Central Bank Intervention: The article suggests that policies such as keeping interest rates low may require ongoing intervention by central banks, effectively making them the financing arm of their respective governments. Once these spending measures are initiated, they may be challenging to reverse until inflation becomes a major concern.
Inflation Expectations and Quantitative Easing (QE): The experts quoted in the article, Ben Yearsley and Ryan Hughes, express differing views on the likelihood of inflation. While Hughes sees the enormous stimulus as having an inflationary impact, Yearsley is skeptical, considering factors such as increased unemployment.
Investment Implications: The article provides insights into potential winners and losers in the scenario of higher inflation. Gold is highlighted as a notable beneficiary, along with infrastructure and inflation-linked bonds. Traditional corporate bonds and government bonds are seen as areas to avoid.
Multi-Asset Investment Trusts: Specific multi-asset investment trusts, such as Ruffer Investment Company and Personal Assets Trust, are discussed as defensive options positioning their portfolios to guard against the return of inflation.
Equities and Infrastructure: Equities and infrastructure assets are considered as potential investments during periods of inflation. Companies with pricing power and infrastructure assets with contractual inflation protection are mentioned as options.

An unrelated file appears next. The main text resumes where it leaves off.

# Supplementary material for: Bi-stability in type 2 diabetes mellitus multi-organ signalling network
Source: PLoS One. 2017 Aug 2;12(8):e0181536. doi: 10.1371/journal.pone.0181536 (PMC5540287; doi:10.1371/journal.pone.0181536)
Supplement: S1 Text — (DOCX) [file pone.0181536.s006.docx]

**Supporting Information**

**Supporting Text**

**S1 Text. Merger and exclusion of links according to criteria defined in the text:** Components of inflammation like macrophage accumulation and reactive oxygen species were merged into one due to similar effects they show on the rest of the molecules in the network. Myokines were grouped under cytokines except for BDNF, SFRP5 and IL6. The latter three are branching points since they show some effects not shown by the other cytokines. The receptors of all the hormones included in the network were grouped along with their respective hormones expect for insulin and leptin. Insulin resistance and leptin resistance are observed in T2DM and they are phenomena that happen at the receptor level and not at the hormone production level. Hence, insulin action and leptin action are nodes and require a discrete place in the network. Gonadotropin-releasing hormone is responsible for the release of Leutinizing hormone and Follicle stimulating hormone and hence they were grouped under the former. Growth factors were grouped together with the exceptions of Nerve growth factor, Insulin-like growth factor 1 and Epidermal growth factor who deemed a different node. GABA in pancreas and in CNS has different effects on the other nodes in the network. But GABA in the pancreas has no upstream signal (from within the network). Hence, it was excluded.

Recommended Funds: The article recommends specific funds and investment trusts, such as the Ruffer Investment Company, Personal Assets Trust, International Public Partnerships, HICL, 3i Infrastructure, Man GLG Undervalued Assets, Liontrust Special Situations, Rathbone Global Opportunities, BlackRock World Mining, and others, based on their alignment with potential inflationary trends.
Fund of the Month - Ruffer Investment Company: The Ruffer Investment Company is highlighted as the fund of the month, known for successfully protecting investors' capital during bear markets and producing decent growth. The managers of the fund believe that the inflationary endgame is closer due to unprecedented interventions by governments and central banks.
In summary, the article provides a comprehensive overview of the economic landscape, potential inflationary pressures, and strategic investment considerations in response to the measures taken to address the COVID-19 pandemic.